Details

Women in Management Review, vol. 19 no. 5
Type: Research Article
ISSN: 0964-9425

Keywords

Article
Publication date: 1 April 2006

Ronald J. Burke, Zena Burgess and Barry Fallon

The purpose of this study is to examine potential consequences of workaholism among 98 women business graduates in early careers. It replicates earlier work based primarily on men.

1949

Abstract

Purpose

The purpose of this study is to examine potential consequences of workaholism among 98 women business graduates in early careers. It replicates earlier work based primarily on men.

Design/methodology/approach

Data were collected from women business graduates of a single Australian university using anonymously completed questionnaires. Three workaholism components identified by Spence and Robbins were included: work involvement, feeling driven to work due to inner pressures and work enjoyment. Consequences included several validating job behaviors such as perfectionism and non‐delegation, work and extra‐work satisfactions and indicators of psychological well‐being.

Findings

Workaholism components generally had significant relationships with the validating job behaviors, work outcomes and indicators of psychological well‐being but not with extra‐work satisfactions. These findings provided a partial replications of previous conclusions based on primarily male samples.

Research limitations/implications

These include the small sample size, limits to generalizability of conclusions based on one Australian university, and data collection at only one point in time.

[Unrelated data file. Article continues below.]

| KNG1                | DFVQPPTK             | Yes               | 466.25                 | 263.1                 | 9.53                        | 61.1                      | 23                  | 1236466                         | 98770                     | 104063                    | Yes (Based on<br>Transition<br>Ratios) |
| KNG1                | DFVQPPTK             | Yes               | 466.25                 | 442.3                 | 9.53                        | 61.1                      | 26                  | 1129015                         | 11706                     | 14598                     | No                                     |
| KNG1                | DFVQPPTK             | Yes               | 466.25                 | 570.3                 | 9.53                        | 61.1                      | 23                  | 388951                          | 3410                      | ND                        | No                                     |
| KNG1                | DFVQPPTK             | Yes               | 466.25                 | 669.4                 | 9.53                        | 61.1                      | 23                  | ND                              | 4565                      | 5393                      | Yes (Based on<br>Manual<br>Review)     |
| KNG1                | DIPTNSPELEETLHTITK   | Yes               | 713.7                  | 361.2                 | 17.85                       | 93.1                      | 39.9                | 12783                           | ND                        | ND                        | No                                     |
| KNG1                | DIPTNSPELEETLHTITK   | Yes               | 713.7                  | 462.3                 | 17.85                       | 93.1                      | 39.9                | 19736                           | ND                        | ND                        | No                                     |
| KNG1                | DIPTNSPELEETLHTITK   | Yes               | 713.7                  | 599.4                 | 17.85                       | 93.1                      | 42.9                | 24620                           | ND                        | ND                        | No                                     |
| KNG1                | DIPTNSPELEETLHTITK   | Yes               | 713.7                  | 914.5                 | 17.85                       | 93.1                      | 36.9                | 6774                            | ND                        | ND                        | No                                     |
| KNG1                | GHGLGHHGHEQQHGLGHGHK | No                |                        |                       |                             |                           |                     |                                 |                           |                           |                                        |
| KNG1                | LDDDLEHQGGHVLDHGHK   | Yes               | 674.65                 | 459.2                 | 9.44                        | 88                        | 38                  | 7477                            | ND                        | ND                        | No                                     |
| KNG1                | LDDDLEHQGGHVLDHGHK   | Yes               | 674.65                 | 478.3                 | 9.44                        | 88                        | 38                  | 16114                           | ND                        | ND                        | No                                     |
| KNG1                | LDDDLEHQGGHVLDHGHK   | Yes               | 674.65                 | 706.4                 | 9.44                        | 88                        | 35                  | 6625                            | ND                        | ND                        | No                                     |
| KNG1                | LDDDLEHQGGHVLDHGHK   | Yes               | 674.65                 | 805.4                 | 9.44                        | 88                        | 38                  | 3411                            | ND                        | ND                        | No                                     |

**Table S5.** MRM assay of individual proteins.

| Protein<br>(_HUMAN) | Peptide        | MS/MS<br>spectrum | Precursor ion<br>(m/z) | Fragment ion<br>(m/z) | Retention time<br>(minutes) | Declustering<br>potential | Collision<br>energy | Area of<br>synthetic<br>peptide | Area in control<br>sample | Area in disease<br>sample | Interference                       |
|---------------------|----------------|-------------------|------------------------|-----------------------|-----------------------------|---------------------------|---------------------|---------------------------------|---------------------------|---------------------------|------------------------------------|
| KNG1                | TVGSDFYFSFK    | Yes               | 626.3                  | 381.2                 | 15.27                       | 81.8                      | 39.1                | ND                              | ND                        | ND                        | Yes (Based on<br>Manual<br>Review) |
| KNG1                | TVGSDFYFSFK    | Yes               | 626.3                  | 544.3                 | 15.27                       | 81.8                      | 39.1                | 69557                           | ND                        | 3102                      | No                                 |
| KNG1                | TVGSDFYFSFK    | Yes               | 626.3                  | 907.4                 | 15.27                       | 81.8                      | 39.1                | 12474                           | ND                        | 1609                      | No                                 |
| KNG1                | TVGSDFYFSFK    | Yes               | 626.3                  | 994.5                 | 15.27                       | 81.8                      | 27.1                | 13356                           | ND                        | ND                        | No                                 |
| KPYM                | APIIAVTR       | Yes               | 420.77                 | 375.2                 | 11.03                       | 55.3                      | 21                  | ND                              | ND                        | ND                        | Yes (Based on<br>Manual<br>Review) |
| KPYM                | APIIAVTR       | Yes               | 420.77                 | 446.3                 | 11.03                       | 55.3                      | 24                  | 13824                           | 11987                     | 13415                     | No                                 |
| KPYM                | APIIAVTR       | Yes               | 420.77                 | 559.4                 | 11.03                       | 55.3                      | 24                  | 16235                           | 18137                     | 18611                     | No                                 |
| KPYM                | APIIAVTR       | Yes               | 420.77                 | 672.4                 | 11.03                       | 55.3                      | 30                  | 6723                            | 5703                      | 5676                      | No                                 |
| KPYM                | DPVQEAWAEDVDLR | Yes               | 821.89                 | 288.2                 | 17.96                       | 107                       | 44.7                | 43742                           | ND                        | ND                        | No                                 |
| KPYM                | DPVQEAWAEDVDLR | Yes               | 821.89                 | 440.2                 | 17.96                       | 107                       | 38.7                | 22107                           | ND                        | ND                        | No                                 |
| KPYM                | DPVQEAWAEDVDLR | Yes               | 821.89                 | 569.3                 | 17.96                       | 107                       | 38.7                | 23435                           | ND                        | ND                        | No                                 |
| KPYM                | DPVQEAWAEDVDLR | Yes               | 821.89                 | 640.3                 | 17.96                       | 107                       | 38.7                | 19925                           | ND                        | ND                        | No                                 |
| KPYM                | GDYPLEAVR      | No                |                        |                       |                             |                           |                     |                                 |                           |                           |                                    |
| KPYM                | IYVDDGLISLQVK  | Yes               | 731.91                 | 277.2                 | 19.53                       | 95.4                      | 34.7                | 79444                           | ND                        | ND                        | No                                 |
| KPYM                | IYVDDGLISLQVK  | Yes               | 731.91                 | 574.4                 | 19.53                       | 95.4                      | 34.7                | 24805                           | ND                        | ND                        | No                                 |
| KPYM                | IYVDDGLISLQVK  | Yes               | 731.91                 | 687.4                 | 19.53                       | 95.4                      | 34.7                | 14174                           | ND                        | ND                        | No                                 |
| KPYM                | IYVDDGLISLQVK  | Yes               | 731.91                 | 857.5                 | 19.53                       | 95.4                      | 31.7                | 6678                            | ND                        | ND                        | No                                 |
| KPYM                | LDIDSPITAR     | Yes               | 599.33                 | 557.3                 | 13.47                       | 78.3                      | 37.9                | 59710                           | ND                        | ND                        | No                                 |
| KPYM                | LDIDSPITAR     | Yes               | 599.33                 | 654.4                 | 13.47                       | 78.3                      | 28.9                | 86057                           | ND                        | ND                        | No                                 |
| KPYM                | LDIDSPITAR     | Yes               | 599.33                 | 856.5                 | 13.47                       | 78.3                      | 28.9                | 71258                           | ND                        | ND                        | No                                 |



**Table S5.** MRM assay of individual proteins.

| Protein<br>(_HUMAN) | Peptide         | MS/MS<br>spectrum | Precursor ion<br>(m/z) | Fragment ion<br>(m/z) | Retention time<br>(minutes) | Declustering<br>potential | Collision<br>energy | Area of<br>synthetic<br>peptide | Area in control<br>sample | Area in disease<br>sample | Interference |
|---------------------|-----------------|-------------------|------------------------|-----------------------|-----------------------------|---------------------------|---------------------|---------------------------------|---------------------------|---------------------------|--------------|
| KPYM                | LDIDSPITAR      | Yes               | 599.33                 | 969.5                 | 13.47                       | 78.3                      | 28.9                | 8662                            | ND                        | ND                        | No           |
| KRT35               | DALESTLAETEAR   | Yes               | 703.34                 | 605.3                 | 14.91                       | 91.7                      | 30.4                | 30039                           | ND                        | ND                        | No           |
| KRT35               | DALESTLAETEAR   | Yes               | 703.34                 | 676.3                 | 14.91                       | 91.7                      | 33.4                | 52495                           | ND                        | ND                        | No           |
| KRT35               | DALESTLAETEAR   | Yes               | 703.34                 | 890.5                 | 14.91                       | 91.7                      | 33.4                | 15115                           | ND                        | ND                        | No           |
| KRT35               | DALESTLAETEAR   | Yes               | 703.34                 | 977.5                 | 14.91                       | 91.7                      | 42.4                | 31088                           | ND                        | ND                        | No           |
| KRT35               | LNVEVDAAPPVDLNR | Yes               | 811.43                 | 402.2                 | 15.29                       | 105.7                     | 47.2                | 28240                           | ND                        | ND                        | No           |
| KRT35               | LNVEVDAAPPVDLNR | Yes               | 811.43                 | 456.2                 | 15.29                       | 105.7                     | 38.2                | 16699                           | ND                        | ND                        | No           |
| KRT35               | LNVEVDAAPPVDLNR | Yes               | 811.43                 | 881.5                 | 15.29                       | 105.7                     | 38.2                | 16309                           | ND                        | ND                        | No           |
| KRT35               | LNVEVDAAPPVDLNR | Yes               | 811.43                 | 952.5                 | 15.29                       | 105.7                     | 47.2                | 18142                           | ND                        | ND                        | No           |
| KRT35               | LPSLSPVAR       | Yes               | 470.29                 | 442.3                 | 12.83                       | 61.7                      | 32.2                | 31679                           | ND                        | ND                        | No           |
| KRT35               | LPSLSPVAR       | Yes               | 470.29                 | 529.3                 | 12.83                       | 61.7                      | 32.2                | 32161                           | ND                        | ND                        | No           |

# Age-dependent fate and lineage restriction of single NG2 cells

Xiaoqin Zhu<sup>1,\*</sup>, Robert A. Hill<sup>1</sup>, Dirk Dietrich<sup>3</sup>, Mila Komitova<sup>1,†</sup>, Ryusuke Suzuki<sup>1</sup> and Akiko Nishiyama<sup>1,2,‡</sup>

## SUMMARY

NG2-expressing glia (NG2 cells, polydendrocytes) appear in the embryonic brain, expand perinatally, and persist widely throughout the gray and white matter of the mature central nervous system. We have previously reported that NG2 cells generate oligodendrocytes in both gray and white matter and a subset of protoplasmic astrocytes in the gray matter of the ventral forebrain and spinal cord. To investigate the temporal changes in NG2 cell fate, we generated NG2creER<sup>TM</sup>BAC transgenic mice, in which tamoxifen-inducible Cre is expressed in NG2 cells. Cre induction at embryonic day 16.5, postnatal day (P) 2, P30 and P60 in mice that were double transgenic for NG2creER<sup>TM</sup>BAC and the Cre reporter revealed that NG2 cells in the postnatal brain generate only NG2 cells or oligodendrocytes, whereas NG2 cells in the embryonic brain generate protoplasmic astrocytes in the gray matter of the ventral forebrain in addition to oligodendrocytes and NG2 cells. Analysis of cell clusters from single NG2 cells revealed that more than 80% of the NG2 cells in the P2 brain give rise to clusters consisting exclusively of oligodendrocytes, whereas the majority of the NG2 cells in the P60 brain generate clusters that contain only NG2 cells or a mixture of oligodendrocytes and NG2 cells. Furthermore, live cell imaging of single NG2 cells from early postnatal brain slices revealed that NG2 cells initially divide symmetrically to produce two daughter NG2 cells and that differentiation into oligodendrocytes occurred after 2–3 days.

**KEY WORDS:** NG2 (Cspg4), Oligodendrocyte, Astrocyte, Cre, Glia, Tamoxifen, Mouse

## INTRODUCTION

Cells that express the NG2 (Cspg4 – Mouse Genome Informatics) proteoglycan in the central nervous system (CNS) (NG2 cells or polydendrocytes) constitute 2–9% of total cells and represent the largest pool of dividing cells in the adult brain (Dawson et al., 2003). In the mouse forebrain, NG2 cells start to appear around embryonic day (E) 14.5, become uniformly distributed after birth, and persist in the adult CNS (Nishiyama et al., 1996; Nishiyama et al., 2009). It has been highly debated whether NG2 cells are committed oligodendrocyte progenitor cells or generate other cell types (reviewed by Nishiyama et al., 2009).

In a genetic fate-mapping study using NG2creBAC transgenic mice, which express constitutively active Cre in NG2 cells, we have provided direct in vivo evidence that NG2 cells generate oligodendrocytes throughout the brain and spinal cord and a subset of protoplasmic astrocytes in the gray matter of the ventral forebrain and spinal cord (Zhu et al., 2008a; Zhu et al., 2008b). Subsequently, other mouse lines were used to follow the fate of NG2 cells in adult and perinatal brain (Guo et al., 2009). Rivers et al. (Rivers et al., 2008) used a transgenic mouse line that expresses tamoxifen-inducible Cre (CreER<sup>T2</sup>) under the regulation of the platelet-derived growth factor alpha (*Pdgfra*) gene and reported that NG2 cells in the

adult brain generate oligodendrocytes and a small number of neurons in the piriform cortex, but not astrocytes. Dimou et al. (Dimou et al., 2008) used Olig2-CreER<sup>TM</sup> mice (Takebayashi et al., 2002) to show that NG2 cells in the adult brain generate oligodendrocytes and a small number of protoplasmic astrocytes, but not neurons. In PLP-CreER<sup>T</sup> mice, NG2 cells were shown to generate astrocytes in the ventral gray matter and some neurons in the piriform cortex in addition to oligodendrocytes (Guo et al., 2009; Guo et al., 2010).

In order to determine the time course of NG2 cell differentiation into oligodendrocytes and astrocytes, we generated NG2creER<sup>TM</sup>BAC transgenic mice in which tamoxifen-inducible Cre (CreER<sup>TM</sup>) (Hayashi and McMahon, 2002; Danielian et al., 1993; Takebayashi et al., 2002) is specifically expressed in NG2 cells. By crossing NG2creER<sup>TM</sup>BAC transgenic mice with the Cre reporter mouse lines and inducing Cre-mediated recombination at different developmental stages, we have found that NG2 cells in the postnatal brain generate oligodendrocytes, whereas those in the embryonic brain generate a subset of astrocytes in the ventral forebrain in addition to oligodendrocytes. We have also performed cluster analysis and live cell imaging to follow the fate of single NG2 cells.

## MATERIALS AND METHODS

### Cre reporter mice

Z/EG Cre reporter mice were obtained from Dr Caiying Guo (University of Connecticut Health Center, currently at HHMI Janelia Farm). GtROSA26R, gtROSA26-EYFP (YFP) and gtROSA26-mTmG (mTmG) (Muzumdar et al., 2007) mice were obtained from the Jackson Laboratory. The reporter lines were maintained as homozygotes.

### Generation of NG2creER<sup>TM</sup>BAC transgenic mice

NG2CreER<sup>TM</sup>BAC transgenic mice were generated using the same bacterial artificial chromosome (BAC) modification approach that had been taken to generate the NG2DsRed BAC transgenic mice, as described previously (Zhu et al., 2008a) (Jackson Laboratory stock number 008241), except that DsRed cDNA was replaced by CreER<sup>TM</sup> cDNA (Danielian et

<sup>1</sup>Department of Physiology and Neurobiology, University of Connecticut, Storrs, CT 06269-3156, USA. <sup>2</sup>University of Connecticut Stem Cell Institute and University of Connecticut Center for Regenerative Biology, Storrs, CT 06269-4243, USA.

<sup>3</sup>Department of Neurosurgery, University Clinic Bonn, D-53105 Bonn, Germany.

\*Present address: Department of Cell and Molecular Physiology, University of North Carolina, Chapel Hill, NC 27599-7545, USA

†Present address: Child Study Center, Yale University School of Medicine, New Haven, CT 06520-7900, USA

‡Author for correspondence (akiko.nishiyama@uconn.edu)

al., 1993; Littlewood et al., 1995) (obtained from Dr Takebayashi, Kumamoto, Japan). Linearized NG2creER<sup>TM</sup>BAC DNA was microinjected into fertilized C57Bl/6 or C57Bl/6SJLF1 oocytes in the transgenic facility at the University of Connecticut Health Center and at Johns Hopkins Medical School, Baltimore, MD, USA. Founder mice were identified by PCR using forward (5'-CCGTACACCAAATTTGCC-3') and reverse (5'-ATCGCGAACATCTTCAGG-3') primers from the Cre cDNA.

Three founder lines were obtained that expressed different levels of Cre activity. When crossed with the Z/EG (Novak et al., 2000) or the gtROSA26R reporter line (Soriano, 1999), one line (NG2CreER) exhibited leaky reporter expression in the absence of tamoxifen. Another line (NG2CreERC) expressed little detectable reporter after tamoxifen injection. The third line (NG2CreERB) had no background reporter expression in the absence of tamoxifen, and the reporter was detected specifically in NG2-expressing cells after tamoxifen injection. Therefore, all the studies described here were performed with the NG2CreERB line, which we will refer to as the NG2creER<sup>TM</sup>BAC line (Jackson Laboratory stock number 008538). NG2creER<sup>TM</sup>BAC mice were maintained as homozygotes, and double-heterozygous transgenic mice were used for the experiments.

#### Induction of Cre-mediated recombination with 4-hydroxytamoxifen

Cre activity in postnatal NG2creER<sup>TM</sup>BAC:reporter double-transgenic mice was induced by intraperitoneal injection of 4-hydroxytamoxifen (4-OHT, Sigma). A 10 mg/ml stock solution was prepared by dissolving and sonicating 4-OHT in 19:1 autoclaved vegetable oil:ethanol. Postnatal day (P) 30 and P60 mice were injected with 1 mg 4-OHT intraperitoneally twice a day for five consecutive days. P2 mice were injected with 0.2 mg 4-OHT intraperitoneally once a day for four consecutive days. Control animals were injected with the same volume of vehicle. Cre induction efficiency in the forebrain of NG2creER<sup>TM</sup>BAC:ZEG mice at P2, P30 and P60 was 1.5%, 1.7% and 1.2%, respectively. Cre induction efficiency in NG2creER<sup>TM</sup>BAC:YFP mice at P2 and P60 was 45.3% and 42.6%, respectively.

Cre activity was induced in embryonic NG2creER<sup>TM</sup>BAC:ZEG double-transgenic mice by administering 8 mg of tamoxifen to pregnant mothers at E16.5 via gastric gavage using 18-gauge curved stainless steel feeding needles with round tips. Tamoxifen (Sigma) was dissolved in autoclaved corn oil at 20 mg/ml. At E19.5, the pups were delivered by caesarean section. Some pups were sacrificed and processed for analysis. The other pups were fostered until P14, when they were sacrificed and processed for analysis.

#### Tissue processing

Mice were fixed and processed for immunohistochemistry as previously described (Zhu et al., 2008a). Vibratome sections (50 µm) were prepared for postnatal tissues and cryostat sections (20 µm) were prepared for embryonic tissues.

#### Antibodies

Originality/value

Previous workaholism research was based on North American men. This study extends this work to women in other countries.

Details

Equal Opportunities International, vol. 25 no. 3
Type: Research Article
ISSN: 0261-0159

Keywords

Article
Publication date: 22 November 2022

Rita Gunther McGrath

The reality of organizing new growth ventures is that every place to locate them in the organization has pros and cons.

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Abstract

Purpose

The reality of organizing new growth ventures is that every place to locate them in the organization has pros and cons.

Design/Methodology/Approach

Using a set of seven archetypes, executives can figure out which location solution fits the initiative and the parent company best.

Findings

Organizations pursuing ventures have a choice of how much separation/distance to insert between ongoing operations and the new business.

Practical/Implications